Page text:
“As for my least favorite event, I would rather barrel race than steer rope. I dread the tripping. I’ve worked at it more this year than the last four years put together, because it’s killed me every year. I decided I have to get better at it to have a chance. But I love the bulldogging at the Timed Event. It’s a bigger arena and the steers are always good.”


What stands out to Theriot after competing at the Timed Event a few times?


“You have to be a pretty handy person in everything you do up there,” he said. “And it’s never over ’til it’s over. It’s a lot like a match roping in that way—anything can change at any time. That’s one of the things I love about the Timed Event. If I was going to buy a ticket and go watch one event a year, it would 100 percent be the Timed Event. I love that thing, and look forward to it every year.”


Clayton Hass

Seeing steer wrestler Clayton Hass slip off the right side of a horse is nothing new, but working five events at the Timed Event turns up all sorts of twists and makes for great watching. Lazy E Photo by James Phifer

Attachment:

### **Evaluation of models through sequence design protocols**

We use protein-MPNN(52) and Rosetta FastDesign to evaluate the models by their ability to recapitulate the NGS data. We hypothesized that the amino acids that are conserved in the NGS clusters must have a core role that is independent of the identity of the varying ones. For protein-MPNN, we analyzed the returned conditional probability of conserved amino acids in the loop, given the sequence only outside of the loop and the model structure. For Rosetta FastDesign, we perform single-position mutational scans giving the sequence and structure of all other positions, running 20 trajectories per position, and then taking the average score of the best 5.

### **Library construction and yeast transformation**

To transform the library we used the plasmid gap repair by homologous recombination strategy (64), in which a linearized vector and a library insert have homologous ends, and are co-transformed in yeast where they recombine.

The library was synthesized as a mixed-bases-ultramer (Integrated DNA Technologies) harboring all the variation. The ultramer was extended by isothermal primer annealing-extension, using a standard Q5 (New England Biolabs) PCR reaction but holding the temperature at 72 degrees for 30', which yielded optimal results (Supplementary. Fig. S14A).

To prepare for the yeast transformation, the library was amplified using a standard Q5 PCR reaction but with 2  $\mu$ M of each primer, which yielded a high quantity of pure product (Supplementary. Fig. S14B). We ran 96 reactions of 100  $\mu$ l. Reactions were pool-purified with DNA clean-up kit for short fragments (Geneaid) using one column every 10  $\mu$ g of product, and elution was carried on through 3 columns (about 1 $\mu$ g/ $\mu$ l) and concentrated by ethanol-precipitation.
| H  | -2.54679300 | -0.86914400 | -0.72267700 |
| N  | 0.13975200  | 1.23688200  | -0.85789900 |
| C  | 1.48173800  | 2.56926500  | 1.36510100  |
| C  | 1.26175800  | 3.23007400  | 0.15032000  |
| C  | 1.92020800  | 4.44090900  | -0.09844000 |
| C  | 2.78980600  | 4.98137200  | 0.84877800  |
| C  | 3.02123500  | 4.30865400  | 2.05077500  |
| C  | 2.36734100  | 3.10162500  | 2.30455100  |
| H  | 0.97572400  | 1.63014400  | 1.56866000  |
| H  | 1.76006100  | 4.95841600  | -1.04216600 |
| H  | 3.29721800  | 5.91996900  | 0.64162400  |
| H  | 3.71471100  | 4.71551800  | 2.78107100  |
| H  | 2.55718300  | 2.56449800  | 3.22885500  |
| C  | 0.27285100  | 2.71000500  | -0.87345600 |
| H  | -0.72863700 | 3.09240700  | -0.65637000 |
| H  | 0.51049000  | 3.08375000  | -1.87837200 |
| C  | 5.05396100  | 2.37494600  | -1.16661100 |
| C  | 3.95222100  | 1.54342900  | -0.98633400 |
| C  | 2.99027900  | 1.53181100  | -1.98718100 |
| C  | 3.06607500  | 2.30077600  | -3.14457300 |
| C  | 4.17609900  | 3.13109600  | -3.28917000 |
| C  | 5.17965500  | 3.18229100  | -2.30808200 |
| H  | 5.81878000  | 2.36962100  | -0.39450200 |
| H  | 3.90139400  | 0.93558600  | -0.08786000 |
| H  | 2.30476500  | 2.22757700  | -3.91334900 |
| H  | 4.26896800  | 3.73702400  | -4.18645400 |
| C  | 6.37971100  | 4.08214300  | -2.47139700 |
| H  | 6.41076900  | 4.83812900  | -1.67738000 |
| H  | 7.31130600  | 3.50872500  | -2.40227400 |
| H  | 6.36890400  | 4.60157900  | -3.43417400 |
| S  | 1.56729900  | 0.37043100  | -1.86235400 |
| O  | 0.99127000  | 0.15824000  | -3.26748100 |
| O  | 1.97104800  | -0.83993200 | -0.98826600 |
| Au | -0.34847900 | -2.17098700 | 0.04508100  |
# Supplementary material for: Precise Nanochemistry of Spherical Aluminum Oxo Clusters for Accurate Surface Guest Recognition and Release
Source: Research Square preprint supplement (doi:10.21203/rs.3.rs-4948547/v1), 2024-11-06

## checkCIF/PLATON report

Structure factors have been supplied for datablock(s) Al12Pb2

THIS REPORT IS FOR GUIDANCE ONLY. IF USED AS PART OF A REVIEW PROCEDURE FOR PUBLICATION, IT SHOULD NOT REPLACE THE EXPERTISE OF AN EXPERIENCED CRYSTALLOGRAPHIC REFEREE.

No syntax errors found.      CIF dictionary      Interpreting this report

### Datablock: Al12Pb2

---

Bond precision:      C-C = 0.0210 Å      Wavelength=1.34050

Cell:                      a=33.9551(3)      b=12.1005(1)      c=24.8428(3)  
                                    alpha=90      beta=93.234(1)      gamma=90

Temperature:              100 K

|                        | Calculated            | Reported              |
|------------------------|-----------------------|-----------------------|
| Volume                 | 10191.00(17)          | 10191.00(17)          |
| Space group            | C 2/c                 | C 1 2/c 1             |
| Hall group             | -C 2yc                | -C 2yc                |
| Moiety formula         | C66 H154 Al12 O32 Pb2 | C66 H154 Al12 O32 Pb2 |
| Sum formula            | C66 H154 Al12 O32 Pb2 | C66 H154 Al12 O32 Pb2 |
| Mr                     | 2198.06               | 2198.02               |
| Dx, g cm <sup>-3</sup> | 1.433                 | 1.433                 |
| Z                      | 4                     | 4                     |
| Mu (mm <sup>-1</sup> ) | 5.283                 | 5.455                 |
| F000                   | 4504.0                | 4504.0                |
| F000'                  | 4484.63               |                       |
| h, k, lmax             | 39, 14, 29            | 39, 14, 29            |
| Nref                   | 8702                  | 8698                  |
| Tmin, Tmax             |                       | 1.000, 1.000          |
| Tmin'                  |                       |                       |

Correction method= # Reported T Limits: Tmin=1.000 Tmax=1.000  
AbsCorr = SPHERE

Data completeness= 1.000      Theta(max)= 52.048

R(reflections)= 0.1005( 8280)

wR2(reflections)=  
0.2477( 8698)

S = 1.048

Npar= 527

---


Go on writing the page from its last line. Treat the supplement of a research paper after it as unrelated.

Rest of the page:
Clayton Hass is a four-time NFR steer wrestler.


“My strongest event is the steer wrestling,” Hass said. “It’s what I do day in and day out. It’s the event I’ve had a passion for and have worked the hardest at.


“I honestly don’t feel like I have a weak event, but I work at the calf roping the least. I still compete a little in the team roping and steer roping, but not the calf roping.”


Hass is well aware of the mental marathon that’s part of Timed Event participation.


“I think it’s important not to get caught up in the drama there,” he said. “You’ve just got to do you at the Timed Event. To me, it’s about taking your first good shot and doing what you can do. The money at the Timed Event is a big deal, but the Timed Event is a cowboy’s game. I worked my butt off growing up to become a cowboy, and this event shows how talented guys are.


“You may only get to see me bulldog or Taylor Santos rope calves at the rodeos, but you get to see every guy do it all at the Timed Event. To get an invite to compete at The Ironman is pretty awesome. It’s a pretty cool feeling just knowing you’re a special enough cowboy to be there.”


BY KENDRA SANTOS

Kendra Santos has written about cowboys all her life, including longtime stints with the PRCA, PBR, BFI and The Team Roping Journal. She’s also mom to two 2021 Timed Event Championship cowboys, Lane Karney and Taylor Santos.